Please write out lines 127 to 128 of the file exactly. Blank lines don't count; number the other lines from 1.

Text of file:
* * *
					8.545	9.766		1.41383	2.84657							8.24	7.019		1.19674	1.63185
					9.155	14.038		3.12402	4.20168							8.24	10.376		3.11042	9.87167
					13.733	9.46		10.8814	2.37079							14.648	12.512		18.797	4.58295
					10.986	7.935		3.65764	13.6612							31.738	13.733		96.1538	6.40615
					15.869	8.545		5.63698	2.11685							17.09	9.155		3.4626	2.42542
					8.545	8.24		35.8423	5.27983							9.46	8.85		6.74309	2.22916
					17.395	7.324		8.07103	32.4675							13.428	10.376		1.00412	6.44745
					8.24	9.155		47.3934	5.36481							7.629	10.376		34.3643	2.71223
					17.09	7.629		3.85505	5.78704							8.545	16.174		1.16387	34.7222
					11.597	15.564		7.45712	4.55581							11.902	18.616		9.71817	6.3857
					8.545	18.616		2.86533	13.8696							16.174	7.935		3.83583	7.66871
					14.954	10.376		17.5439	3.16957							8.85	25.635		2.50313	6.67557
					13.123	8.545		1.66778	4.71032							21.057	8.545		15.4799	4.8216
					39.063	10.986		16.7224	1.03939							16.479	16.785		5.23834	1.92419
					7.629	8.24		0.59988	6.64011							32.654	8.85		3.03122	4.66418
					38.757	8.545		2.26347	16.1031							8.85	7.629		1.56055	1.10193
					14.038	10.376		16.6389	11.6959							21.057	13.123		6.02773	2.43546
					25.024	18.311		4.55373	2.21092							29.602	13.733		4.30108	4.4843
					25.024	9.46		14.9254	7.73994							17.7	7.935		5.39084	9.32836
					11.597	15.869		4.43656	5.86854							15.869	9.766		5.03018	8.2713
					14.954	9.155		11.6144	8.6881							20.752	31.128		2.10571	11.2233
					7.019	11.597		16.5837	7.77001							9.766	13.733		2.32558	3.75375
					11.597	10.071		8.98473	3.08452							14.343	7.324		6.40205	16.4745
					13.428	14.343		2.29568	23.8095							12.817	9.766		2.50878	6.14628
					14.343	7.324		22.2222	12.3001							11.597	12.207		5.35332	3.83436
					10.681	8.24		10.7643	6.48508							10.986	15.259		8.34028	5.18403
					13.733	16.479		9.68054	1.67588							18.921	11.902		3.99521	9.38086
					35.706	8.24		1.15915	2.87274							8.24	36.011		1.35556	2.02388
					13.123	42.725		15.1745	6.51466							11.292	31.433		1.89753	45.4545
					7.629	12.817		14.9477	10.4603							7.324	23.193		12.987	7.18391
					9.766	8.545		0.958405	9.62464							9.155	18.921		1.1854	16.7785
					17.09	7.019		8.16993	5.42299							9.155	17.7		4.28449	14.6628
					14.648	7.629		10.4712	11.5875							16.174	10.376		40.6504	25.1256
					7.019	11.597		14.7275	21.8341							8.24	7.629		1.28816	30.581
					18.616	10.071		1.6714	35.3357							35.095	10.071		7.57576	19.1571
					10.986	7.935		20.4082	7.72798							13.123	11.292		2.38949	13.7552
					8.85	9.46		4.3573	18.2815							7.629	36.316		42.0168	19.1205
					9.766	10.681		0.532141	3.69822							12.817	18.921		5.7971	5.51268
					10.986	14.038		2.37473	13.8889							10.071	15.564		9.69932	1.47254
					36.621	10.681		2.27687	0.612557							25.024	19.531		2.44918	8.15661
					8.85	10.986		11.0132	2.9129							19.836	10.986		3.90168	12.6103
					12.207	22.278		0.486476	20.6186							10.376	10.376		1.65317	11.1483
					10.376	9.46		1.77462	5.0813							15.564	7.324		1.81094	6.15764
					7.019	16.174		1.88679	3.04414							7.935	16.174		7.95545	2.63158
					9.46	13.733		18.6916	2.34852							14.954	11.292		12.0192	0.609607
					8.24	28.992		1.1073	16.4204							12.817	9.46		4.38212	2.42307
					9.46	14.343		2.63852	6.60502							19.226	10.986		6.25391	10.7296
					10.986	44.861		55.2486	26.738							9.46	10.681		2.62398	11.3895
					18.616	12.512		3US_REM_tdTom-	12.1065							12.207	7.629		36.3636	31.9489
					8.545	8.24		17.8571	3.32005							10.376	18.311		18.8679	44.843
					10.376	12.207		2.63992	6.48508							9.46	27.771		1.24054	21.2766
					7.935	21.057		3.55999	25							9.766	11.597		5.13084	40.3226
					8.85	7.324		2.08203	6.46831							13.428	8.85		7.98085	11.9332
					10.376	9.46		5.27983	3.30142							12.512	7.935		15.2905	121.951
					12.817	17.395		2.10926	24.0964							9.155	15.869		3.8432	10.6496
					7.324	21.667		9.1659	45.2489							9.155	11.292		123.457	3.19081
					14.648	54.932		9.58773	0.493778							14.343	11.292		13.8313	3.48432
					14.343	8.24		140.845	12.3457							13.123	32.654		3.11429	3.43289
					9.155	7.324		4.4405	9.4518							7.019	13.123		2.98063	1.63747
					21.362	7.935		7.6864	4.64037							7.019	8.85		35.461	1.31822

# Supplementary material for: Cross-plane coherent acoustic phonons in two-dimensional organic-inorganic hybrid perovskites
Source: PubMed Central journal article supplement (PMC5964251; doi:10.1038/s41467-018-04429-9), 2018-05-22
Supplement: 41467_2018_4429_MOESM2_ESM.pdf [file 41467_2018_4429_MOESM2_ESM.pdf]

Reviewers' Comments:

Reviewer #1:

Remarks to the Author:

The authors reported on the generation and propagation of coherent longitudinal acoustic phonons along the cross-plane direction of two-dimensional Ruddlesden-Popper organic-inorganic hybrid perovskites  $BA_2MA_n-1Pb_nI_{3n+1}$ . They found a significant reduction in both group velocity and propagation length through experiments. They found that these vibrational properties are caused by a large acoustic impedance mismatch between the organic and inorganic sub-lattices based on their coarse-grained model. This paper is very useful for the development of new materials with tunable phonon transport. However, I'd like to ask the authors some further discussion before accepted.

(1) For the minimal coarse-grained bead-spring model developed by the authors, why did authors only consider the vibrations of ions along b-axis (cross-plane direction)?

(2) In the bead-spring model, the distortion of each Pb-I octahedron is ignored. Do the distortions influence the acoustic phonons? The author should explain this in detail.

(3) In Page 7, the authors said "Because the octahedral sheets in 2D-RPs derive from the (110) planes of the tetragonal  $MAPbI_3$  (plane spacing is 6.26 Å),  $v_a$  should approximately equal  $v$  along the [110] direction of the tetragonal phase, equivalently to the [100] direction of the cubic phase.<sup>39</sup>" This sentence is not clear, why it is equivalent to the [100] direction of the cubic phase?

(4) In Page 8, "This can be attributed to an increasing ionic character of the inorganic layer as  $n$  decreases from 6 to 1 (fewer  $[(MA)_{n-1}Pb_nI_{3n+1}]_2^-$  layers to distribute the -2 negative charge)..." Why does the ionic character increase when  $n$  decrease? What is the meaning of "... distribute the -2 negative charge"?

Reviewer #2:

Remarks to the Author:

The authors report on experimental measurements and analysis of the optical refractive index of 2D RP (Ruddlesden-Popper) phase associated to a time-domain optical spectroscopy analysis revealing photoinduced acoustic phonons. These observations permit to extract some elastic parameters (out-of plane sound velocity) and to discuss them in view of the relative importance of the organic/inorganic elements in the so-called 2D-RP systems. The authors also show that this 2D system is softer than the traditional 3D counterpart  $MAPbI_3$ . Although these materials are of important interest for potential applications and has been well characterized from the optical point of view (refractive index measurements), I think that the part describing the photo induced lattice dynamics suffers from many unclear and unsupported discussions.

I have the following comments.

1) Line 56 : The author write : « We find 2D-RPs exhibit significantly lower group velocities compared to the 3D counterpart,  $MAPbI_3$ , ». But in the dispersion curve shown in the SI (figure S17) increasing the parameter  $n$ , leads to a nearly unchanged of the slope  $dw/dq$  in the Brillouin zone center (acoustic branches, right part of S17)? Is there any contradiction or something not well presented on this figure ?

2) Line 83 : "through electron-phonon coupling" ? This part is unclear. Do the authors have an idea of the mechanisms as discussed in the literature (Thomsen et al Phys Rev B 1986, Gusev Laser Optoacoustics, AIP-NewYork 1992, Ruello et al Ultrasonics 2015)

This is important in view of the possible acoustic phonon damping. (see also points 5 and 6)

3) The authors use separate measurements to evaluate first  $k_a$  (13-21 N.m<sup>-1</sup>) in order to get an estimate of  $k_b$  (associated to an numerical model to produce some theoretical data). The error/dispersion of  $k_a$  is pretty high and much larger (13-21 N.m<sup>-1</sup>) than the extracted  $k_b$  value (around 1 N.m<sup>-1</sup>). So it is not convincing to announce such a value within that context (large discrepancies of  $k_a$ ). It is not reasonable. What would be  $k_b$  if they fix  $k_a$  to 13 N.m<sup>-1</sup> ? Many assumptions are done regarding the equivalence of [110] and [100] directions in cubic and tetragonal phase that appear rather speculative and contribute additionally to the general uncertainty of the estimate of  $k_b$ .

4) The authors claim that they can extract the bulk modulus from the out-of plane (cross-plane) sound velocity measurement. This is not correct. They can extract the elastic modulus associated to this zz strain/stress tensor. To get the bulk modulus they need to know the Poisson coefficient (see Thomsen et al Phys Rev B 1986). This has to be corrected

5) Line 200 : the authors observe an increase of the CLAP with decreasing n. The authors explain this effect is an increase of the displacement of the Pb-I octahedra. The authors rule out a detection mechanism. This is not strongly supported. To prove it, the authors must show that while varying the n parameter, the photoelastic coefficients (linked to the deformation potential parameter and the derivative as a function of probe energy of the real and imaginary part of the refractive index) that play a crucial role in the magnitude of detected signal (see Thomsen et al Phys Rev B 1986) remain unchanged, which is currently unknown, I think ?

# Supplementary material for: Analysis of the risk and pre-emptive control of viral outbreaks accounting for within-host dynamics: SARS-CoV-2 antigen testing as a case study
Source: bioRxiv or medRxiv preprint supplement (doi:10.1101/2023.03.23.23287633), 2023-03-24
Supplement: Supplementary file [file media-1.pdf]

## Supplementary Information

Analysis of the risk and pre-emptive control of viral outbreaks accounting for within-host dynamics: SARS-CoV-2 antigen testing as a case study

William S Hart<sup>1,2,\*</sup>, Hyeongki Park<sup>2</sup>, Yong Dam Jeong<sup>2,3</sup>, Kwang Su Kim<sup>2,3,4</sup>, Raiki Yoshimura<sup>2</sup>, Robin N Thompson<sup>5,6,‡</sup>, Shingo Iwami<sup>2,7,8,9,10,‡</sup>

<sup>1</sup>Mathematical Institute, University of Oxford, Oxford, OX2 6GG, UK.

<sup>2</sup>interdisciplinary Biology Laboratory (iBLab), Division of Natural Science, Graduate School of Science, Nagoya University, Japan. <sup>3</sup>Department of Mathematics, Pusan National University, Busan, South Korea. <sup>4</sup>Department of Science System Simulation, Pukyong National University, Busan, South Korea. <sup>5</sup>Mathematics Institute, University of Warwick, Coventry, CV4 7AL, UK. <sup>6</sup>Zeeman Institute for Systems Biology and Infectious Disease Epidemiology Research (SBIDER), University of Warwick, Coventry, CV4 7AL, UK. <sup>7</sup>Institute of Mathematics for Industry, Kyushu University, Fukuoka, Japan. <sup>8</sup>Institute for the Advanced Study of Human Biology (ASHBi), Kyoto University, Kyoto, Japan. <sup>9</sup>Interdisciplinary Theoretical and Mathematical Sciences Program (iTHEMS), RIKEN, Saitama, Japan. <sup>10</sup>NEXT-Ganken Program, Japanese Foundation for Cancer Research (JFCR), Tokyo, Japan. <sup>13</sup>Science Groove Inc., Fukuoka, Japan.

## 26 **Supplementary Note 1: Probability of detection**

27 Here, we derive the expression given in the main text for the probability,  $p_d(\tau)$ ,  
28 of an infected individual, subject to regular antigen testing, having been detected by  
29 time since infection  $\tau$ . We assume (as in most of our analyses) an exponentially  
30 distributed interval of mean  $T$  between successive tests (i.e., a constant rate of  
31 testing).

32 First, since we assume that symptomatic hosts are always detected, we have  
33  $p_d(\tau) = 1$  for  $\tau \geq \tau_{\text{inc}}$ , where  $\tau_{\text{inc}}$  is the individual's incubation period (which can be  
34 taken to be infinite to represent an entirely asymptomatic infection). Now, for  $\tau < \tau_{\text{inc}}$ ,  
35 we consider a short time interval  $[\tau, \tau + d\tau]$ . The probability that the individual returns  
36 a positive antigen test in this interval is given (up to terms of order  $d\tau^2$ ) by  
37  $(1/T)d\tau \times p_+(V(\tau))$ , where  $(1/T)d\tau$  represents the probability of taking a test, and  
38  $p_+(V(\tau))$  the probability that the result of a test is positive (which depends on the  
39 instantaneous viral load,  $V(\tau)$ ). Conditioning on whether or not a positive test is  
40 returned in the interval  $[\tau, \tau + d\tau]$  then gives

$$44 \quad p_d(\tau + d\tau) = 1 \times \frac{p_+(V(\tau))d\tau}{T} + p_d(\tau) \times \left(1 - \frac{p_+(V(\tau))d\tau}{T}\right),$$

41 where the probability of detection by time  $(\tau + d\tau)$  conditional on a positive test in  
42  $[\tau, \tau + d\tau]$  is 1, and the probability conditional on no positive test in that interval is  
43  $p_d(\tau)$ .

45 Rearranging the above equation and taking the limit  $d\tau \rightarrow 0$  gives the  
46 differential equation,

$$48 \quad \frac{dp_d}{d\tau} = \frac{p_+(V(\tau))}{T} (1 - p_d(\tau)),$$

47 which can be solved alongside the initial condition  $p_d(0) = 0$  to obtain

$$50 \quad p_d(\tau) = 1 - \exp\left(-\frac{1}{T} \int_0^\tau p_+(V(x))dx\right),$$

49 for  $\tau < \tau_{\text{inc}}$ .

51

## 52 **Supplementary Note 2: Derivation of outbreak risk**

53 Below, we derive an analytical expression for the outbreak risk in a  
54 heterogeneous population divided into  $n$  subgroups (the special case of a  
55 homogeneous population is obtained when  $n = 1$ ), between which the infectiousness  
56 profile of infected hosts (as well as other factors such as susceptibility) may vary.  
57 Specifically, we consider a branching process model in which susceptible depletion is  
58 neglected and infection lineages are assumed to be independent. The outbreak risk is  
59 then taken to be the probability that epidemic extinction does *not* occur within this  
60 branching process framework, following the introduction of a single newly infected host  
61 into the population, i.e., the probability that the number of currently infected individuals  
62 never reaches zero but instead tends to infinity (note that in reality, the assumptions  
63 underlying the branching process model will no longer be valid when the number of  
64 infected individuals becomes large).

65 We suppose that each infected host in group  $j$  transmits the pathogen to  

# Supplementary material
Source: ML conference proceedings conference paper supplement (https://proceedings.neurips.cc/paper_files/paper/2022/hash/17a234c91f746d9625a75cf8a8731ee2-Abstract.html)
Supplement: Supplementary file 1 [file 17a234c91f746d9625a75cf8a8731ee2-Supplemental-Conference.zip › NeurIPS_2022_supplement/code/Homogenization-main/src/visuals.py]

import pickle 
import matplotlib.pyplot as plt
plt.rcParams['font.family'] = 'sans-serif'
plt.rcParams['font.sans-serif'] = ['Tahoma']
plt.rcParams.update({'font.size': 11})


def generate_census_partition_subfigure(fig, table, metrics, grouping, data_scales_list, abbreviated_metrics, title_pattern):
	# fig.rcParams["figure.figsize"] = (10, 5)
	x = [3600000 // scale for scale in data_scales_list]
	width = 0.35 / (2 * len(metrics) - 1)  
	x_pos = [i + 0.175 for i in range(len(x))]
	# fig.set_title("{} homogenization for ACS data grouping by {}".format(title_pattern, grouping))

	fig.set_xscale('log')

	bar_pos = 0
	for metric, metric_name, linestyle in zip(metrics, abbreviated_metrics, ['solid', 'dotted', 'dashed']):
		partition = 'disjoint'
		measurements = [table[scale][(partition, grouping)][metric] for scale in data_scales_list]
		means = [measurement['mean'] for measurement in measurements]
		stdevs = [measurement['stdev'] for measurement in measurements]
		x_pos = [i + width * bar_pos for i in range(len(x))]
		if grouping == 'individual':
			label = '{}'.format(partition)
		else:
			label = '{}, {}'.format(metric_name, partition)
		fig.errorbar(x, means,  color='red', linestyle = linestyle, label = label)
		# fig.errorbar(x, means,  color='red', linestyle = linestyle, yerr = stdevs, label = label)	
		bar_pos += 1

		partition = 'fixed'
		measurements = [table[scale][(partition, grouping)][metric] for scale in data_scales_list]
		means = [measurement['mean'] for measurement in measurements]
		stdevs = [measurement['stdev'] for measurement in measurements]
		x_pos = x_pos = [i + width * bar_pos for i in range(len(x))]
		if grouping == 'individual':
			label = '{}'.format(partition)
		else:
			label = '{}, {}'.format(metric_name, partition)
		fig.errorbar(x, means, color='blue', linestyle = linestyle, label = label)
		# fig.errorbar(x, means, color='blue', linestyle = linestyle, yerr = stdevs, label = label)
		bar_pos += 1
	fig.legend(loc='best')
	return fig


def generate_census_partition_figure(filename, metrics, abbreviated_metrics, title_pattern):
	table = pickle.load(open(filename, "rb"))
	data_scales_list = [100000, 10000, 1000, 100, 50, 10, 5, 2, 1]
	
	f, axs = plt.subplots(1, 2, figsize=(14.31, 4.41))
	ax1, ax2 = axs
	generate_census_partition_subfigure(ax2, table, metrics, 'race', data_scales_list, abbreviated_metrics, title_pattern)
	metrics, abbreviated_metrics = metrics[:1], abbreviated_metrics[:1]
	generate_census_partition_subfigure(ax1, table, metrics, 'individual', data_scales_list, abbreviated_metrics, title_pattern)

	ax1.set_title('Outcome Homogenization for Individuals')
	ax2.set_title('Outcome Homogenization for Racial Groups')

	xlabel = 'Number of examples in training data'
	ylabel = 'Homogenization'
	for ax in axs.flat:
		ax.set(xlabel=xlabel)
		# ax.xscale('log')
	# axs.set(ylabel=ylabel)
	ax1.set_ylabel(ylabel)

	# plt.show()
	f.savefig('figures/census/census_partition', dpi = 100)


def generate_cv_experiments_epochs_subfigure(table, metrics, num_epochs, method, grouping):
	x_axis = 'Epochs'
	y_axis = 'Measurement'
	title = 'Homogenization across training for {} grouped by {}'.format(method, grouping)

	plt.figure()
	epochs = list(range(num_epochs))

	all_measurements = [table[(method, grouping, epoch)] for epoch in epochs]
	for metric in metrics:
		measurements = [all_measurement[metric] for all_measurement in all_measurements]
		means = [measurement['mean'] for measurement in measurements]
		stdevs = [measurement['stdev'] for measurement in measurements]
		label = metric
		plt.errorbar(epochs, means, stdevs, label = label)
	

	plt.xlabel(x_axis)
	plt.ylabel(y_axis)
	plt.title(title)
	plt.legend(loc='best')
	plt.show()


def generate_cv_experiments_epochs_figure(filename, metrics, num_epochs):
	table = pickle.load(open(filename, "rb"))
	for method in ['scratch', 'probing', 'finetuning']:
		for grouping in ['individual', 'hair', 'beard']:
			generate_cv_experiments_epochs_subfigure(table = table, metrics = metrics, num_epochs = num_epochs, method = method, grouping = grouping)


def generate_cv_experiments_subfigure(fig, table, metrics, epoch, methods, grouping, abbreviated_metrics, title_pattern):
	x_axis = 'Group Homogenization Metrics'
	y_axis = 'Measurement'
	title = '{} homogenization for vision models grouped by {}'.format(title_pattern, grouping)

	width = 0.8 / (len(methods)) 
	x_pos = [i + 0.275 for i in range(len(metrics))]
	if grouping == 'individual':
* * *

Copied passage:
63 underlying the branching process model will no longer be valid when the number of  
64 infected individuals becomes large).